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Floodwaters Draws Spectators, Park Service Vehicle Blocks Accessible Route

The Mississippi River is rising but so are the number of riverfront spectators. Saturday night I was among hundreds that found a spot along the Arch steps to take in the vastness of the river.

Some folks were playing in the water which doesn’t seem wise given what is likely in the water.

When I left I headed toward the makeshift ADA route over I-70 at Chestnut.

There in my path is a National Park Service truck. We saw no workers near the truck, just a truck parked between my wheelchair and the pathetic excuse for an accessible way over the highway. My friend pushed her grandson’s stroller through the grass and over a rut. I tested the off road ability of the wheelchair and went a bit wider to avoid the rut in the dirt.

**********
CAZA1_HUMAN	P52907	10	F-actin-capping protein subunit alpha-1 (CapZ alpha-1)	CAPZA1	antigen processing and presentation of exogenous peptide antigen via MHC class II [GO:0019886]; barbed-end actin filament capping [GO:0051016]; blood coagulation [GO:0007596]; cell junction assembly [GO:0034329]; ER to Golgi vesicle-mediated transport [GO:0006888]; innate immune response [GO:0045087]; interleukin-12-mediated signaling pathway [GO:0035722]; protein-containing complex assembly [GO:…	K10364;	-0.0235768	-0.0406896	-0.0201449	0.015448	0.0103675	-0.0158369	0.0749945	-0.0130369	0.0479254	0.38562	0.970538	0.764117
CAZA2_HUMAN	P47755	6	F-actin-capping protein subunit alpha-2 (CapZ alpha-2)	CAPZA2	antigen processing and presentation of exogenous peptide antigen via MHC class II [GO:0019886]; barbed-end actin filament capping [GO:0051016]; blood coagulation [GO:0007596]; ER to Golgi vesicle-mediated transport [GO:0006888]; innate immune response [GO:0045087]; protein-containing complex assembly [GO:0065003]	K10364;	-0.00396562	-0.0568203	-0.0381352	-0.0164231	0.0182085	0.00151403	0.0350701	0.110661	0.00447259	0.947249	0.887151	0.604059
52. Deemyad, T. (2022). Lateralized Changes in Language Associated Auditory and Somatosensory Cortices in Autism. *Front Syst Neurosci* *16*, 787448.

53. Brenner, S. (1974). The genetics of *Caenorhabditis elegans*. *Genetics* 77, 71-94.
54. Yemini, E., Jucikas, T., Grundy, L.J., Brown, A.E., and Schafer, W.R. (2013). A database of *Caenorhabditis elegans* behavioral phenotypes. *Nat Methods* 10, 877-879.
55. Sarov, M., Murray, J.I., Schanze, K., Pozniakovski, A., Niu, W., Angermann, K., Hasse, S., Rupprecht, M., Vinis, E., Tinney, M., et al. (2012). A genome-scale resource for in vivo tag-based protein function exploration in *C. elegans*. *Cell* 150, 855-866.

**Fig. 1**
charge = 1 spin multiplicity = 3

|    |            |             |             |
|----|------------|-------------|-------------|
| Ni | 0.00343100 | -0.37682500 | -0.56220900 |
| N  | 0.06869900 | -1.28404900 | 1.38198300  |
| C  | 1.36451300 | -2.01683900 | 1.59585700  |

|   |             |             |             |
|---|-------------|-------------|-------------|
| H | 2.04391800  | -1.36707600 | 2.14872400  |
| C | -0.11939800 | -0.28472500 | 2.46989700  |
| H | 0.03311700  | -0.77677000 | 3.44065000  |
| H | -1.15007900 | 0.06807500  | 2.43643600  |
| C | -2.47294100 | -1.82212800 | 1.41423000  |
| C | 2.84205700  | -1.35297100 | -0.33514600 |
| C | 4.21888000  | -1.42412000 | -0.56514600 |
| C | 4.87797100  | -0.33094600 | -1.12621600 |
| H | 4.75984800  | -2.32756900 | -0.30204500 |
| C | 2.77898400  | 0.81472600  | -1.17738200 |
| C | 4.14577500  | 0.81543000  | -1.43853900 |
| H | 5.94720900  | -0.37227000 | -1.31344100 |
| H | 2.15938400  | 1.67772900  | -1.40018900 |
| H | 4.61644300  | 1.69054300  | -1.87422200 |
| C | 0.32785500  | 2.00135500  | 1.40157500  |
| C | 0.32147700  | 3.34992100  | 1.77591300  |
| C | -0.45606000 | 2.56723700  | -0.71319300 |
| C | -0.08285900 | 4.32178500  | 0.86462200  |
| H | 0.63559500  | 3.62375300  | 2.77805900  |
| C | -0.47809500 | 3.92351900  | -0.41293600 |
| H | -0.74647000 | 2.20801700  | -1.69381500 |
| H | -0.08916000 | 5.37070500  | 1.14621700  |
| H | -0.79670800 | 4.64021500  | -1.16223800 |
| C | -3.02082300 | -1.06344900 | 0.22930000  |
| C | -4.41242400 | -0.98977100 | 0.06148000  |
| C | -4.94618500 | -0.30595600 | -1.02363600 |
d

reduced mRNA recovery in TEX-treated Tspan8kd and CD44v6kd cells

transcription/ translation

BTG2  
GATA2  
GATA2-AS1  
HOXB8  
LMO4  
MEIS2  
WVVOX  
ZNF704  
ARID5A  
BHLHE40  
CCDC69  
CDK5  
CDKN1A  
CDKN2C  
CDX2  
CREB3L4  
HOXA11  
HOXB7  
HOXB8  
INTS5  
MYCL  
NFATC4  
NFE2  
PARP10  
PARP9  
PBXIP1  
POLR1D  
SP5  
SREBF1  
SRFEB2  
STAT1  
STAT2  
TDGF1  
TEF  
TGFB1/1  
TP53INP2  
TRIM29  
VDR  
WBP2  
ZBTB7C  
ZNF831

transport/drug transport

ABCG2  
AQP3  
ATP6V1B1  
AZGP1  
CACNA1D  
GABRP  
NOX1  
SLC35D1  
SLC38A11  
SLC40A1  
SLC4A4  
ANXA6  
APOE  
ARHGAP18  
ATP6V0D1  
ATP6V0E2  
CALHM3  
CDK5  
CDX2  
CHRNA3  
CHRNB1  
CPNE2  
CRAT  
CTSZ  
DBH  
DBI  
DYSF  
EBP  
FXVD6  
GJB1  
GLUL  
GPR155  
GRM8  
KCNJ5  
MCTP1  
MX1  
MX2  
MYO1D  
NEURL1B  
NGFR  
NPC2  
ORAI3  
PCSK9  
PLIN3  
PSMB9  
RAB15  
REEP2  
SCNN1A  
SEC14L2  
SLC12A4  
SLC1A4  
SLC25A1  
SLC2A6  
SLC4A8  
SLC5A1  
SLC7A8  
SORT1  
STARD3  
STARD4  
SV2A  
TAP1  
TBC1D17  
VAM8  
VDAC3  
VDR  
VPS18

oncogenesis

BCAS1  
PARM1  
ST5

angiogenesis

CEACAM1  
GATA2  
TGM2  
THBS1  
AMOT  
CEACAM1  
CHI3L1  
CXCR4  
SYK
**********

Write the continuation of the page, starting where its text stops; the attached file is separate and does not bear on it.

You know the place might be a bit more inviting if they didn’t park three ton vehicles in the direct path of visitors! I can just see us spending hundreds of millions on a “lid” over the highway only to have the NPS screw it all up by parking vehicles as they did the other night. Brilliant!


Don’t Park in Front of Curb Ramps

Earlier in the month I did a post about an illegally parked car block the ADA ramp/curb cut which blocked my flow in the wheelchair and required me to backtrack to get to the other side of 10th street.  I’ve been through the same intersection (10th & St Charles) numerous times since then and it has been clear.  The other day, however, a driver decided to make a space where there wasn’t one — blocking the very same ramp.